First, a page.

Risks of Plastic Surgery

Alexander E. Spacher

While certain cosmetic procedures may sound cutting-edge, many are not yet approved to do what doctors claim. Here are three to avoid.

Rumor has it that the face of one great French beauty is held up by a fine mesh of 22-karat-gold stitches. This technique, supposedly perfected in Paris, hasn’t caught on, but consumers continuously search for the latest way to achieve youth and beauty—yet certain methods have proven to be unproven.

Bringing Up the Rear

In March 2010 six women showed up in the emergency rooms of Essex County, New Jersey, some of whom had to be treated for serious bacterial infections following buttocks-enhancement injections. The substance used was reported to be hydrogel, similar to the squishy blue patches sold in drugstores to protect blisters. According to the Physicians Coalition for Injectable Safety, the FDA has not given the green light for its use as a filler or an injectable for the buttocks.

“Hydrogel is really thick, so it’s great for creating a nice barrier, like a second skin,” says Robert Weiss, M.D., a Maryland-based dermatologist. “Sure, it has a lot of volume to it, but our buttocks have many big vessels, and it can travel back to the lungs. It’s more often used in countries where there is less fear of lawsuits and organizations like the FDA.” Fat from your own body and gluteal implants are considered the only safe measures for augmenting this part of the anatomy.

Getting Sedated

Breast augmentation, liposuction and even facelifts done under sedation rather than general anesthesia have been marketed as superior because the patient can “participate” by, for example, giving her opinion on the implant size or thigh shape. “It’s a gimmick being promoted to appeal to people who fear anesthesia,” says Michael McGuire, M.D., a director of the American Board of Plastic Surgery. “Standing someone up who’s under a lot of sedation—to me it’s absurd, it’s malpractice. If you know what you’re doing, you can pinch and feel and tell what the results will be. And the level of anesthesia for these procedures is not what is needed for, say, a hip replacement. The patient is out of it for the duration but will wake up quickly.”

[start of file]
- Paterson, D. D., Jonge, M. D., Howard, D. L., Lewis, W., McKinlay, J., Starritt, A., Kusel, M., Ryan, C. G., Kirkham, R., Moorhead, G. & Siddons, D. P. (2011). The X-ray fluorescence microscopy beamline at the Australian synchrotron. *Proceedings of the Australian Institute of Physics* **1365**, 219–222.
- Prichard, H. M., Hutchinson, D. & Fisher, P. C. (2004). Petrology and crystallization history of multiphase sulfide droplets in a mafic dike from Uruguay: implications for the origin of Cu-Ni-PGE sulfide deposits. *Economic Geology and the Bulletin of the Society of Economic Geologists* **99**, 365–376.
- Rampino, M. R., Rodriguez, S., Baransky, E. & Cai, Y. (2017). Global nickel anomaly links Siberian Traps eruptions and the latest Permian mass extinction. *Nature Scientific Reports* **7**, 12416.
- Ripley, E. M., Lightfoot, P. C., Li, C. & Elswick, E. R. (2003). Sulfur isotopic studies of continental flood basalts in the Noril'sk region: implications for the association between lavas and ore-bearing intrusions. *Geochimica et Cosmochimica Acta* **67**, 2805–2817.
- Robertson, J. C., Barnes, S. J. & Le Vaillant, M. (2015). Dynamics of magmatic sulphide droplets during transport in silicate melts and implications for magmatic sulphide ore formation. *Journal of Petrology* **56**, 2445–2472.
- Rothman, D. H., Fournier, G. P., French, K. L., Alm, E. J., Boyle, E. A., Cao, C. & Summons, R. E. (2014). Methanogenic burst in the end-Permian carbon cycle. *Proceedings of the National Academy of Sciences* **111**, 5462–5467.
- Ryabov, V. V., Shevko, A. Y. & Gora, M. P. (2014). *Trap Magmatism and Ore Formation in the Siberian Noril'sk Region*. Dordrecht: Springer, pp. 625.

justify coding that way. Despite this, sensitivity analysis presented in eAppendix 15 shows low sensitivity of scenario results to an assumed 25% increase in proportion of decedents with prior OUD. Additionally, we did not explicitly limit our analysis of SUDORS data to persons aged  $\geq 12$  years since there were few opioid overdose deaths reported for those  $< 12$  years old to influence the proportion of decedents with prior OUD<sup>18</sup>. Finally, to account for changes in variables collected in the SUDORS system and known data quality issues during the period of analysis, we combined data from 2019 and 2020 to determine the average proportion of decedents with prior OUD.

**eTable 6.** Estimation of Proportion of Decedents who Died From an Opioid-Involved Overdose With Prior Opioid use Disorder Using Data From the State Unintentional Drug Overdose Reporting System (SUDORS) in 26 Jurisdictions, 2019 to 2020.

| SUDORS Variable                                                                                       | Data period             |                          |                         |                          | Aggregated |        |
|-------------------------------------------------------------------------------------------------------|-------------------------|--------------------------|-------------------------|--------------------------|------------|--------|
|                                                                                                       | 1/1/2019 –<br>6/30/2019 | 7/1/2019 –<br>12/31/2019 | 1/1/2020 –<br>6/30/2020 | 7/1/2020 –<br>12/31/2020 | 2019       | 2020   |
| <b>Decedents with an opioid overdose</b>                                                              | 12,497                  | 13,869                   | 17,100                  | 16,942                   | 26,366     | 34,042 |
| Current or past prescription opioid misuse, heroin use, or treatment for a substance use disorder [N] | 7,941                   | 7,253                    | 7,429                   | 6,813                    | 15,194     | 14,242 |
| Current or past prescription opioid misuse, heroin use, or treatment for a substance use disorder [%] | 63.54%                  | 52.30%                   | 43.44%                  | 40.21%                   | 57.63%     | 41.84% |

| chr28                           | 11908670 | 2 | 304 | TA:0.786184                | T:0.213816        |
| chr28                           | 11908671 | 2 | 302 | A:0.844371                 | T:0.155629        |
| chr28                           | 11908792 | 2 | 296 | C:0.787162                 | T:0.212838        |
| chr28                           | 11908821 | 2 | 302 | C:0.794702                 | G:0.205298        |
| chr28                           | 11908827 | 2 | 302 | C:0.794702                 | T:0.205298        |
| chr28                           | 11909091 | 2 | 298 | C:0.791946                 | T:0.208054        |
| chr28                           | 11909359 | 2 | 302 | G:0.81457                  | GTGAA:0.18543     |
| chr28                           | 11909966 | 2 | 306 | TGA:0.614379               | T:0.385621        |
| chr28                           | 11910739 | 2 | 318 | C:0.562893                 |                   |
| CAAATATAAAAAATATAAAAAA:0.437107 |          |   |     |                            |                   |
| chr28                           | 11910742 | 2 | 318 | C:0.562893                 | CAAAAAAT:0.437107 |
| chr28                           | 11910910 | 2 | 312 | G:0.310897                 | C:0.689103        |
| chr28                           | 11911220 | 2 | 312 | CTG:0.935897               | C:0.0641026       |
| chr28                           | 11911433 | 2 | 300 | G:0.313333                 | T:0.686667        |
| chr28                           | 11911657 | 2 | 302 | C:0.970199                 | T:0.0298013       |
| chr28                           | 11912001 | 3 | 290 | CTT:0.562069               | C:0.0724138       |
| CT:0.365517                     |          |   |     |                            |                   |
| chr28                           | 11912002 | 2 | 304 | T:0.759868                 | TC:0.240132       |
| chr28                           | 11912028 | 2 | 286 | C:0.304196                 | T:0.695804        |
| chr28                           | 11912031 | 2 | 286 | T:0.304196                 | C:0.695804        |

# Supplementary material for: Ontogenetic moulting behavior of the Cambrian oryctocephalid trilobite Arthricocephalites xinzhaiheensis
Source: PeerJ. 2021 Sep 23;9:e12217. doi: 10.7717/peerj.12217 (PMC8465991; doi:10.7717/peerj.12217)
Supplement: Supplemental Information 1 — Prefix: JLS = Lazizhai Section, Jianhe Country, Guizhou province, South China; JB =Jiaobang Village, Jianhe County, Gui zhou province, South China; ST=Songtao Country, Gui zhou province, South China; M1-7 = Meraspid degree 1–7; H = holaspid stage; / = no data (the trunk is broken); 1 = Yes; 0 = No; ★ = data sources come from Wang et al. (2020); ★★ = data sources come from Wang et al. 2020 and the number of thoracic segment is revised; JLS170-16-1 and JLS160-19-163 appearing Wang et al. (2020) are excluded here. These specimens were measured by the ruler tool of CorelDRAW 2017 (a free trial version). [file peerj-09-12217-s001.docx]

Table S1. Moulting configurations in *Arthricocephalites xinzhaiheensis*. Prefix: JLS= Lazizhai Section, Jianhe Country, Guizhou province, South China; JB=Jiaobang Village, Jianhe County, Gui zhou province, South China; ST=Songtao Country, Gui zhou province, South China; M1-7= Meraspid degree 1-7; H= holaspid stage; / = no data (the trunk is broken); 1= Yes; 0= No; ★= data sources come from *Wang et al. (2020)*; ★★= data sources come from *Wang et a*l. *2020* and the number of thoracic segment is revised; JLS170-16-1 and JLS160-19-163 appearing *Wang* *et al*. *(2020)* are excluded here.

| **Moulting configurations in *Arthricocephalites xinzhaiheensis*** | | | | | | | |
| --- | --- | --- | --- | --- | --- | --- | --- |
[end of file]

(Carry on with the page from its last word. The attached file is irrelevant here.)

Lifting Sagging Skin

To reduce the downtime and cost of a facelift, some people have turned to a procedure using barbed sutures that are actually sewn under the facial tissues to grab and lift sagging skin. “Thread-lifts appear to be DOA,” says North Carolina plastic surgeon Felmont Eaves, M.D. “The vast majority of surgeons who tried them have abandoned them, believing they lacked predictability, and the results, if any, were very transient. Sometimes one could even see the threads tethering; they just didn’t hold the tissues long-term. Tissues grow and remodel, and the tension will not stay.” In a study published in 2009 in Archives of Facial Plastic Surgery, researchers found that the thread-lift provided only limited short-term improvement, which might be largely attributed to swelling and inflammation after the procedure. Its conclusion: “Given these findings, as well as the measurable risk of adverse events and patient discomfort, we cannot justify further use of this procedure for facial rejuvenation.”